“A diagnosis of anemia earlier in pregnancy might represent a more severe and long-lasting nutrition deficiency for the fetus,” says Renee Gardner, project coordinator at the Department of Public Health Sciences at Karolinska Institutet and the study’s lead researcher.
“Different parts of the brain and nervous system develop at different times during pregnancy, so an earlier exposure to anemia might affect the brain differently compared to a later exposure.”
The researchers also noted that early anemia diagnoses were associated with infants being born small for gestational age while later anemia diagnoses were associated with infants being born large for gestational age. Babies born to mothers with late-stage anemia are typically born with a good iron supply unlike babies born to mothers with early anemia.
Although the researchers couldn’t disentangle anemia caused by iron deficiency from anemia caused by other factors, iron deficiency is by far the most common cause of anemia. The researchers say the findings could be the result of iron deficiency in the developing brain and may thus support a protective role for iron supplementation in maternity care. The researchers emphasize the importance of early screening for iron status and nutritional counselling but note that more research is needed to find out if early maternal iron supplementation could help reduce the risk of neurodevelopmental disorders in children.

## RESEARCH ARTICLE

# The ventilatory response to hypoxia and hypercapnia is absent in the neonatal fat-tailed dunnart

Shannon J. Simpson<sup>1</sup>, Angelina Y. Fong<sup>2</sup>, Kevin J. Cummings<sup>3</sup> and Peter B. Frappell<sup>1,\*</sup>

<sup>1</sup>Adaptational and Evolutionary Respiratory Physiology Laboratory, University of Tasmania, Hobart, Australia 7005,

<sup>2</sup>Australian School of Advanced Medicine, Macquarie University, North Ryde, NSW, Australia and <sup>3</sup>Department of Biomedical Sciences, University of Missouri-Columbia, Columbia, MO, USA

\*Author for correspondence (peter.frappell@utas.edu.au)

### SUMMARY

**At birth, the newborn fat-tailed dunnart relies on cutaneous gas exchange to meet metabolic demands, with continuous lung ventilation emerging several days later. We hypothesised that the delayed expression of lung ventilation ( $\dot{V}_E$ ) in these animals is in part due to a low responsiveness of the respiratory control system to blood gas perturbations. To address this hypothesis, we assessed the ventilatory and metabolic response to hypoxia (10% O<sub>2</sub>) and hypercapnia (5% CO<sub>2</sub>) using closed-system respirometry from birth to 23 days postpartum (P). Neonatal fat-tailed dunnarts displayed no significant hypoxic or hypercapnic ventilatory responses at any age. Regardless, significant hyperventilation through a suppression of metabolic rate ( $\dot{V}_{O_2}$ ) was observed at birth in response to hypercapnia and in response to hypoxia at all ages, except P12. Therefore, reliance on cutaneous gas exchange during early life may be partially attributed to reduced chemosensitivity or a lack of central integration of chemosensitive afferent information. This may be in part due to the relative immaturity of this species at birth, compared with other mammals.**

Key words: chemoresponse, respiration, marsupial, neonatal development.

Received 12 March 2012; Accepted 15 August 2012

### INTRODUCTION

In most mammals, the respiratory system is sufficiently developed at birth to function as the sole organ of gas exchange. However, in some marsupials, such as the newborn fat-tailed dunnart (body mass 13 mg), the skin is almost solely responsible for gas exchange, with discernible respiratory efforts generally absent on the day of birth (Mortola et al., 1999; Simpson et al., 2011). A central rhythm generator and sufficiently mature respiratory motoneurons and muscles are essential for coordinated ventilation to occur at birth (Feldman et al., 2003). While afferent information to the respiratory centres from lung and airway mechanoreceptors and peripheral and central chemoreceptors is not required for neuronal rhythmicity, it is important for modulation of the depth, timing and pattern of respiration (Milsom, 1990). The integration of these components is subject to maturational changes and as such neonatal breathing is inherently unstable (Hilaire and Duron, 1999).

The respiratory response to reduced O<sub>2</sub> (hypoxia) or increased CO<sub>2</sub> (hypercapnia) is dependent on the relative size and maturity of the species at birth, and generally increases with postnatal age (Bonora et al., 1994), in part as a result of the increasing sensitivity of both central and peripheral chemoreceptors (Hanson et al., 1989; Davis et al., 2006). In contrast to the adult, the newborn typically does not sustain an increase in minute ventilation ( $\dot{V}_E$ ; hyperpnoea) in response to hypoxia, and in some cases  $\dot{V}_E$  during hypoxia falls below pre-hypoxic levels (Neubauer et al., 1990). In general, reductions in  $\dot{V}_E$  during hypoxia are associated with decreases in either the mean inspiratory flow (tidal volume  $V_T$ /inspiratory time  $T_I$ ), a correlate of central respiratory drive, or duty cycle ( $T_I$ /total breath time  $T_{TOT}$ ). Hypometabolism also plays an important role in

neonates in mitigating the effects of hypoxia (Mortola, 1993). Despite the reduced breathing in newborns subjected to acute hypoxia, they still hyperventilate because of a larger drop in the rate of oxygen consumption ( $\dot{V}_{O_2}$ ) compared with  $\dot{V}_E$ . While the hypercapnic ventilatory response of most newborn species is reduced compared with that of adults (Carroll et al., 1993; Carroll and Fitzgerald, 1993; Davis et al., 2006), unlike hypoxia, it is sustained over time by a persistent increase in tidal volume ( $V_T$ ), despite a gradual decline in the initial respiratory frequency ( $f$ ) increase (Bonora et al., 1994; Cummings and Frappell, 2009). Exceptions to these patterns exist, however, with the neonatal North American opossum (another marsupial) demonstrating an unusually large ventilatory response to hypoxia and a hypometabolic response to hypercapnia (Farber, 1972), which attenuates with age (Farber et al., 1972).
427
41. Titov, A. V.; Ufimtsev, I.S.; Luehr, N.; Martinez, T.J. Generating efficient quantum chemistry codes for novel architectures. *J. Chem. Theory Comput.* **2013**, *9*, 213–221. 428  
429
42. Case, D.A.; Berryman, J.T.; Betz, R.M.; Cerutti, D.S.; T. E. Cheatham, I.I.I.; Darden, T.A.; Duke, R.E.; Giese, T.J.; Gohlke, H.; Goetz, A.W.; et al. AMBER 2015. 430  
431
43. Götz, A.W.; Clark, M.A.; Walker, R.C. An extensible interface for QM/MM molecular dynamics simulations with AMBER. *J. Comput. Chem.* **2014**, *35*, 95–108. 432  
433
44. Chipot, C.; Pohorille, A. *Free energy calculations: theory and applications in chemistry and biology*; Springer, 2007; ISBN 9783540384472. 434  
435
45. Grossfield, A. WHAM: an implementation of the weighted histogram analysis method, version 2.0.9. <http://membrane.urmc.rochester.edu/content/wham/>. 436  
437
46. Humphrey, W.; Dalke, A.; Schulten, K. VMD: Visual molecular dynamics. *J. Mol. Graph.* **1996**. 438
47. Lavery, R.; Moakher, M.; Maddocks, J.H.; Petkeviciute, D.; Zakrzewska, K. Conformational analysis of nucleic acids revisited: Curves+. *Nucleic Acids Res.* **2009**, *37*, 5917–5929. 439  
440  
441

Adult women typically need 15 mg of iron per day, though needs may increase later in pregnancy. Since excessive iron intake can be toxic, pregnant women should discuss their iron intake with their midwife or doctor.
Funding: The research was supported by grants from the Swedish Research Council and from the Strategic Research Area Neuroscience at Karolinska Institutet.
Press Office – Karolinska Institute
The image is in the public domain.
Original Research: Open access
“Association of Prenatal Maternal Anemia With Neurodevelopmental Disorders”. Aline Marileen Wiegersma, Christina Dalman, Brian K. Lee, Håkan Karlsson, Renee M. Gardner.
JAMA Psychiatry doi:10.1001/jamapsychiatry.2019.2309.
Association of Prenatal Maternal Anemia With Neurodevelopmental Disorders
Given the critical role that iron plays in neurodevelopment, an association between prenatal iron deficiency and later risk of neurodevelopmental disorders, such as autism spectrum disorder (ASD), attention-deficit/hyperactivity disorder (ADHD), and intellectual disability (ID), is plausible.
To test the a priori hypothesis that anemia diagnosed in mothers during pregnancy is associated with an increased risk of ASD, ADHD, and ID in offspring and that the magnitude of the risk varies with regard to the timing of anemia in pregnancy.